Store Wars -- The Mall Strikes Back

In the epic battle for the hearts and minds of Augusta-area shoppers, it appears that Augusta Mall is winning the war.

Sources say the mall's outdoor "lifestyle center" addition under construction at the site of the former Macy's store is sucking most of the high-end retailers away from a rival lifestyle center project at River Watch Parkway and Interstate 20.

Face it, there's only so many upscale retailers to go around. Unlike Dollar Generals and nail salons (which we can't seem to get enough of) you can't have more than one Williams & Sonoma in a market the size of Augusta.

The backers of the River Watch Parkway project, called The Village at Riverwatch, earlier this week announced they were pushing completion of the project back nearly a year, reportedly to expand the shopping center to include more stores, restaurants and a hotel with an exhibition center.

A spokesman for the developer of the Village at Riverwatch developer, however, declined to disclose potential tenants at the site other than those already named: Dillard's, Belk and Starplex Cinemas.

Could the delay and concept tweak be a sign that most upscale retailers have already committed to Augusta Mall? Some in the real estate development industry think so.

The mall is owned by General Growth Properties Inc., a $3 billion real estate investment trust in Chicago that operates more than 220 malls throughout the U.S. The Village at Riverwatch project is being headed by Dallas-based MG Herring Group, which is no small potatoes, but is not in the same league as General Growth.

So when it comes to negotiating with a tenant, who do you think is carrying the bigger guns?

To be fair, the General Growth folks haven't disclosed any tenants at its lifestyle project other than Coldwater Creek and Coach. But they haven't changed their project mid-stream, either.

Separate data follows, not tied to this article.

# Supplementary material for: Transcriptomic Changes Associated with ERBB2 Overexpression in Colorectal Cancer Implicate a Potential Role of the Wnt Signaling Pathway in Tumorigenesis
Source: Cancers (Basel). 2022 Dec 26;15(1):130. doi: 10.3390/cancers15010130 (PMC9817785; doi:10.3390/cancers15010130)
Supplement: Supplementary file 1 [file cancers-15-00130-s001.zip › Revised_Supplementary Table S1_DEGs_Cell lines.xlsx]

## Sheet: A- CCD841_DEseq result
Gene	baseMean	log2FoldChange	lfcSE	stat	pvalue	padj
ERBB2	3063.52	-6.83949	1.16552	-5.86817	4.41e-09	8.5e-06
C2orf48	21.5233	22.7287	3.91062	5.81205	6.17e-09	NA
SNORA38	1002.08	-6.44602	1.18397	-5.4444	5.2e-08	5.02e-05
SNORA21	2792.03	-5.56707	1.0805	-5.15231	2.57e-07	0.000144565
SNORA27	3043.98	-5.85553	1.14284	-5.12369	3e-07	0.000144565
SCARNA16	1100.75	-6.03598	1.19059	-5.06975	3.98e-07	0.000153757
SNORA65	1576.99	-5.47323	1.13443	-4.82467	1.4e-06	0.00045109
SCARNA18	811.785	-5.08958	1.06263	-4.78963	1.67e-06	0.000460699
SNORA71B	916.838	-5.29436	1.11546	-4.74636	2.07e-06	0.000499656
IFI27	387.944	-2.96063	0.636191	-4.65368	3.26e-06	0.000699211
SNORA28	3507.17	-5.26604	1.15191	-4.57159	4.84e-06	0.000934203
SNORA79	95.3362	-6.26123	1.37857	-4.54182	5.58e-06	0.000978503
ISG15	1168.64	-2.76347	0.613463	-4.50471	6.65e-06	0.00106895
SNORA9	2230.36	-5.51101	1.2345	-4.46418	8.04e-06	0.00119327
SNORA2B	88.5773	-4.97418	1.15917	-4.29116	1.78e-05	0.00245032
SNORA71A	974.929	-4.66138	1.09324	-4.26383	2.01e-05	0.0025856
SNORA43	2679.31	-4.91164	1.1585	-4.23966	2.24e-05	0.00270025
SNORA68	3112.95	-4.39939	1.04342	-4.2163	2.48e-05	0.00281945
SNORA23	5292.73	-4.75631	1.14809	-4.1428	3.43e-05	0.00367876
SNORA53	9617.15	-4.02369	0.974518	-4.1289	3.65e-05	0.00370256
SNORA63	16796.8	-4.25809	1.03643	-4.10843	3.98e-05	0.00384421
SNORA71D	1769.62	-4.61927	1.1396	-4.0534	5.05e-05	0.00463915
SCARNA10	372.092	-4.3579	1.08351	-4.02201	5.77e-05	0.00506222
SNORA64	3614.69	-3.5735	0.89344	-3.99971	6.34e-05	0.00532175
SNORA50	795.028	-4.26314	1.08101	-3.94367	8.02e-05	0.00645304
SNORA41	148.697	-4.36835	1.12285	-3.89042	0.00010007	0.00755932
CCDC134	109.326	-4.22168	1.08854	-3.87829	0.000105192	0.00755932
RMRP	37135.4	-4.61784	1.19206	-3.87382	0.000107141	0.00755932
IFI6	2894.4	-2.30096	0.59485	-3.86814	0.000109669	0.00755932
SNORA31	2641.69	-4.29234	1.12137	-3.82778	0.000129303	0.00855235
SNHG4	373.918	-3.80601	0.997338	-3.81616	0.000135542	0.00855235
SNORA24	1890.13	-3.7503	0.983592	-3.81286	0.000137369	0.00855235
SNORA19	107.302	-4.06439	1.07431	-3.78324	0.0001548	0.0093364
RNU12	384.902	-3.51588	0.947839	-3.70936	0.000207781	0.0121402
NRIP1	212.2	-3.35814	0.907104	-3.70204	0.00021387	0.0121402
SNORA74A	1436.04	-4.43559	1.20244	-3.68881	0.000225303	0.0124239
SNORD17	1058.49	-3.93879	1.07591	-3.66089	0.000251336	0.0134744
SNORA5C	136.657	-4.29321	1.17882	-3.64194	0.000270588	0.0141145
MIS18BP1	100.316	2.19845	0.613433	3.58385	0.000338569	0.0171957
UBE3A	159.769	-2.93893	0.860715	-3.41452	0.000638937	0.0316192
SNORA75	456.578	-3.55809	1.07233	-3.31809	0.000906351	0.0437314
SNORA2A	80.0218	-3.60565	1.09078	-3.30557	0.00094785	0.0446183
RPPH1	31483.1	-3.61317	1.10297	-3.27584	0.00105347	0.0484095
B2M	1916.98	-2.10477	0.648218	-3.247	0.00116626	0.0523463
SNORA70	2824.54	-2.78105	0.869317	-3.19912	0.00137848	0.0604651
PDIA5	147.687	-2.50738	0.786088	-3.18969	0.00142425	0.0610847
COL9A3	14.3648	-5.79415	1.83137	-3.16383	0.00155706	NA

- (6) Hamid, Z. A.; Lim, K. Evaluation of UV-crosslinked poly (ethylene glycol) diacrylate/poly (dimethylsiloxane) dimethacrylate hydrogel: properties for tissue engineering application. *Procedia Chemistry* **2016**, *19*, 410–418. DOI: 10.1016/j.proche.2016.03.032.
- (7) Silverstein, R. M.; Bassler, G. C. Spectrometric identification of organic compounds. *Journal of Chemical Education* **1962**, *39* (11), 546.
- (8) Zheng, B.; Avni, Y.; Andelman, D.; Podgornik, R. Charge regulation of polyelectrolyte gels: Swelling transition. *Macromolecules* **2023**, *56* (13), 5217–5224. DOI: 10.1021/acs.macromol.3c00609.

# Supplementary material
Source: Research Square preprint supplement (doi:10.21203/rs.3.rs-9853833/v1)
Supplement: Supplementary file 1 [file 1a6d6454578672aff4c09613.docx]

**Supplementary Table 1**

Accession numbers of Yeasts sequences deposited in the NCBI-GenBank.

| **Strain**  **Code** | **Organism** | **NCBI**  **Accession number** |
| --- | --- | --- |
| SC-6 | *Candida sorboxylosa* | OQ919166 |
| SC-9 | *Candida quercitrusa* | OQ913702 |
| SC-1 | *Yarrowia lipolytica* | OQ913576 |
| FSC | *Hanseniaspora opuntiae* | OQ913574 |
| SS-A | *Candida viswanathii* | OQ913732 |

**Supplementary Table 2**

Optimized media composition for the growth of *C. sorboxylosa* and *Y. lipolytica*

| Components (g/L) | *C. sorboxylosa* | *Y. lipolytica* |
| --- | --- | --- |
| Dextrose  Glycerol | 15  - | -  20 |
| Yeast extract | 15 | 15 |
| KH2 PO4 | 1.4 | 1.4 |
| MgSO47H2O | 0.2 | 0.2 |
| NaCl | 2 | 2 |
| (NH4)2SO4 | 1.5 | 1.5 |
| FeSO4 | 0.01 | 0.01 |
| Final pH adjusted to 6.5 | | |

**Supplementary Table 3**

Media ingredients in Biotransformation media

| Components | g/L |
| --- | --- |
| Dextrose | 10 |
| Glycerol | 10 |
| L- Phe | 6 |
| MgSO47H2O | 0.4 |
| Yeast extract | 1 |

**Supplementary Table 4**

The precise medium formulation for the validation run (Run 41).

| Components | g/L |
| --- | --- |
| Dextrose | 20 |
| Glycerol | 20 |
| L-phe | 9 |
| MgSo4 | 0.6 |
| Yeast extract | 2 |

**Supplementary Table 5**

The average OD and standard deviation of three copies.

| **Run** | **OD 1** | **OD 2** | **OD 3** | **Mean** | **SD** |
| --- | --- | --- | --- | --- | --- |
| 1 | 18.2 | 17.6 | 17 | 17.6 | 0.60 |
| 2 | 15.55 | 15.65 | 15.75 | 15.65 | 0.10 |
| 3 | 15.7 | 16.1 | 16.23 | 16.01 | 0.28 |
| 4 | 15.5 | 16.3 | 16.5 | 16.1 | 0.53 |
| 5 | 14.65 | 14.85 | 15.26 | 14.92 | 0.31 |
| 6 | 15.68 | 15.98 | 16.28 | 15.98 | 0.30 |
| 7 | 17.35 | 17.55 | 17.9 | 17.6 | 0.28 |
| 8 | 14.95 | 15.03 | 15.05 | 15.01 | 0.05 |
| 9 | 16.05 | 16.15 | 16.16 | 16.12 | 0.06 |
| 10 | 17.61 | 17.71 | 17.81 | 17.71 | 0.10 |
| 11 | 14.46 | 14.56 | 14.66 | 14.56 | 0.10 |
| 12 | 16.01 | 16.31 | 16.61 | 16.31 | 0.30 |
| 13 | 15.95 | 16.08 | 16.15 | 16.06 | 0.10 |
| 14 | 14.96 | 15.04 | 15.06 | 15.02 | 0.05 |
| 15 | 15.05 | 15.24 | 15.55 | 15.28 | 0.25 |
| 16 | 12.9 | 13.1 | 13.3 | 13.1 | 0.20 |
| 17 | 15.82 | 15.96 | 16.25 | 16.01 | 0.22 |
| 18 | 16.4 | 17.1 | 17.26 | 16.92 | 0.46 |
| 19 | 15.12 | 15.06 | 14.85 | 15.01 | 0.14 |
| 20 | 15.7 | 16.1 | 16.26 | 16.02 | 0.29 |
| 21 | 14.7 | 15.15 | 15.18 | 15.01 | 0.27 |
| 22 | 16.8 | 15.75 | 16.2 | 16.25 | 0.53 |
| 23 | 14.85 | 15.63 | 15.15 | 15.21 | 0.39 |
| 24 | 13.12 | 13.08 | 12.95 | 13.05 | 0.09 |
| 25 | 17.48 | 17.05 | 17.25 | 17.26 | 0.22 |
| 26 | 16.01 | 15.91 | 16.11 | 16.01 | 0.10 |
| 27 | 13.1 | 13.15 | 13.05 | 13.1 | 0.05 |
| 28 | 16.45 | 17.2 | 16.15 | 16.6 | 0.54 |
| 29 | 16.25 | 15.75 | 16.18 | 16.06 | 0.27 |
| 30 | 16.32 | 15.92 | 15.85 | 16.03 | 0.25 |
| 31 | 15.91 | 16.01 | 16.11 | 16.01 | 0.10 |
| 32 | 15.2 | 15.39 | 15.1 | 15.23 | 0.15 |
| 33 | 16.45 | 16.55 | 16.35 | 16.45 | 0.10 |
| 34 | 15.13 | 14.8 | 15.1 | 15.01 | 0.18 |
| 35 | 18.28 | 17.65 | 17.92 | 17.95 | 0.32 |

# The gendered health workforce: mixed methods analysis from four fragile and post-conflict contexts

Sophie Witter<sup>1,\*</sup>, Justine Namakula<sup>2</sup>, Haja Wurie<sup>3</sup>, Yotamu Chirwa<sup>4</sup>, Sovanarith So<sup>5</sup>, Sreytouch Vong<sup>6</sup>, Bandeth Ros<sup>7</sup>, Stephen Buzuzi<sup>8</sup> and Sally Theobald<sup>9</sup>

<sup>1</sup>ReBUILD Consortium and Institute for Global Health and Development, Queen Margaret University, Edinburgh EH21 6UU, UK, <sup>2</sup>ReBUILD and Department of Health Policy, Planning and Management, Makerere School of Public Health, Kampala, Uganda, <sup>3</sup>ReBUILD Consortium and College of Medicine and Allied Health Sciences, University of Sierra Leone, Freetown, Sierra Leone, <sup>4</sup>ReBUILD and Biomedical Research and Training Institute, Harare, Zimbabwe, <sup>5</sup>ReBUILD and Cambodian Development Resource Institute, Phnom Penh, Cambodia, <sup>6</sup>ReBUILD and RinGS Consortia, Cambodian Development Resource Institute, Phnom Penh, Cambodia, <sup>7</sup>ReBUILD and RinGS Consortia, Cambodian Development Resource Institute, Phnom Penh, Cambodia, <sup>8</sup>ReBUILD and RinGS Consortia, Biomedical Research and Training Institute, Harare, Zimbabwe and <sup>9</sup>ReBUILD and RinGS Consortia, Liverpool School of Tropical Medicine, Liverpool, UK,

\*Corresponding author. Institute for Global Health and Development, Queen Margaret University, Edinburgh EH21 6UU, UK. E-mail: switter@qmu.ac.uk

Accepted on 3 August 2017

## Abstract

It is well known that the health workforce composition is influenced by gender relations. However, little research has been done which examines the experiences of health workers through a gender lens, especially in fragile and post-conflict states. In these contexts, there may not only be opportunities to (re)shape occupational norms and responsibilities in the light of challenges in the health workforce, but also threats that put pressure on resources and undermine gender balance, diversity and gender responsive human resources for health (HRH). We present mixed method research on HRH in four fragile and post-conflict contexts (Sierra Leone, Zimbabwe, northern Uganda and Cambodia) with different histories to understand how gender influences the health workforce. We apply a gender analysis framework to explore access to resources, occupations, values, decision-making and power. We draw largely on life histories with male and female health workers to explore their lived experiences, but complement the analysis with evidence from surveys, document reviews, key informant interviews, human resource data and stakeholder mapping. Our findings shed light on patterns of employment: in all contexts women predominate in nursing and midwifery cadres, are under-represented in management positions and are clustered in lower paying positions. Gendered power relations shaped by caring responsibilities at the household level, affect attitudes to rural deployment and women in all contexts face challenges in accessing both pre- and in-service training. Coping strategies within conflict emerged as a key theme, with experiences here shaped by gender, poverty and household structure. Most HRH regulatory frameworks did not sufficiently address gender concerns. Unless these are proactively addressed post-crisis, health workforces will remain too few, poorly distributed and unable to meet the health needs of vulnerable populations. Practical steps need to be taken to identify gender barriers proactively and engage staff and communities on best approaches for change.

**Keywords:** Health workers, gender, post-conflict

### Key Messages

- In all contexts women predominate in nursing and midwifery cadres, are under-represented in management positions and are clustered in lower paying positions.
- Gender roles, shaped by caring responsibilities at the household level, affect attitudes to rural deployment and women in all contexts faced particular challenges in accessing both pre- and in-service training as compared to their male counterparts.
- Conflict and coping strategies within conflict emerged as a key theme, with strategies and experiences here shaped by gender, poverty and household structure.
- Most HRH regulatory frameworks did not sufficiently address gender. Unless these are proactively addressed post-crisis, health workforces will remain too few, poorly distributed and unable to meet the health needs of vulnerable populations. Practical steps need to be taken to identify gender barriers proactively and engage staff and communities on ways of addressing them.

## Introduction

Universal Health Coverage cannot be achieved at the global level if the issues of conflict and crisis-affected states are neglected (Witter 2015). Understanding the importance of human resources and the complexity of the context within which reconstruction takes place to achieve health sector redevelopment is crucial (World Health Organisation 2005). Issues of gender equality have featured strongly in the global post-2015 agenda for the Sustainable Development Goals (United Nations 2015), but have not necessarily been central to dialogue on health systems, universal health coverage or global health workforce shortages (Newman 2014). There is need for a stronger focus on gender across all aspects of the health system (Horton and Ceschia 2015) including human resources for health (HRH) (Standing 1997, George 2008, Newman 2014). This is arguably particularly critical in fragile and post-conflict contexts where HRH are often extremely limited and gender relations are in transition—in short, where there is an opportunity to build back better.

Perhaps Atlanta-based Cousins Properties saw the writing on the wall last year when it scuttled its plans for a lifestyle center at the intersection of River Watch Parkway and Furys Ferry Road. It later joined forces with the MG Herring Group to market the Village at Riverwatch site.

So what about the developers of the two other proposed lifestyle center-style projects in area (the Marshall Square project in Evans and the Atlanta-based Forum Development Group project on Walton Way Extension) that haven't even broke ground yet?

I'd say that if those projects make it to fruition, they're going to have a hard time finding high-end tenants -- once the mall and Riverwatch projects are finished feasting, there's not going to be anything left but scraps.

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Just My Opinion
Just My Opinion 03/06/07 - 05:56 am
I'm glad you mentioned the

I'm glad you mentioned the Marshall Square project in Evans. Drove by there yesterday and I don't see any of the old signs that illustrated it coming up. Now there are just signs that said the site is available. What's up with that? It's a huge piece of land that I hope develops into something more than Dollar General's and nail salons (as you also mentioned!). But you did forget to include cell phone stores (take your pick as to which one!), oil change shops, and tanning-bed salons!

LEO 03/10/07 - 09:59 am
Different subject: It's nice

Different subject: It's nice to see that the old Regency Mall made it to the website. Check out some of the comments and see what some out-of-towners think of our local eyesore.

Mike27 03/12/07 - 02:30 pm
I have said for years that I

I have said for years that I wish someone would turn Regency Mall into an outlet shopping center. I haven't been by there in a long time since I live in Atlanta now, but believe most of it is empty. There may not be a large enough market in Augusta for it, but I wonder. It could be a draw for a lot of the surrounding area.

glcondrey 04/27/07 - 01:39 pm
My son and his family

My son and his family recently moved to the Augusta area from Memphis, TN. We noticed the old Regency mall and thought it looked a lot like an old mall in Memphis that closed due to crime and shifting poplulation. The problem was solved when the owner leveled the mall and then sold the property to Wal Mart for a new super center. Wal Mart may not be the best answer but it sure beats an ugly empty mall that is not generating any revenue for the community. I know there is a Wal Mart super center on Dean's Bridge so maybe Target would be an option. Even cleared land would be an improvement.

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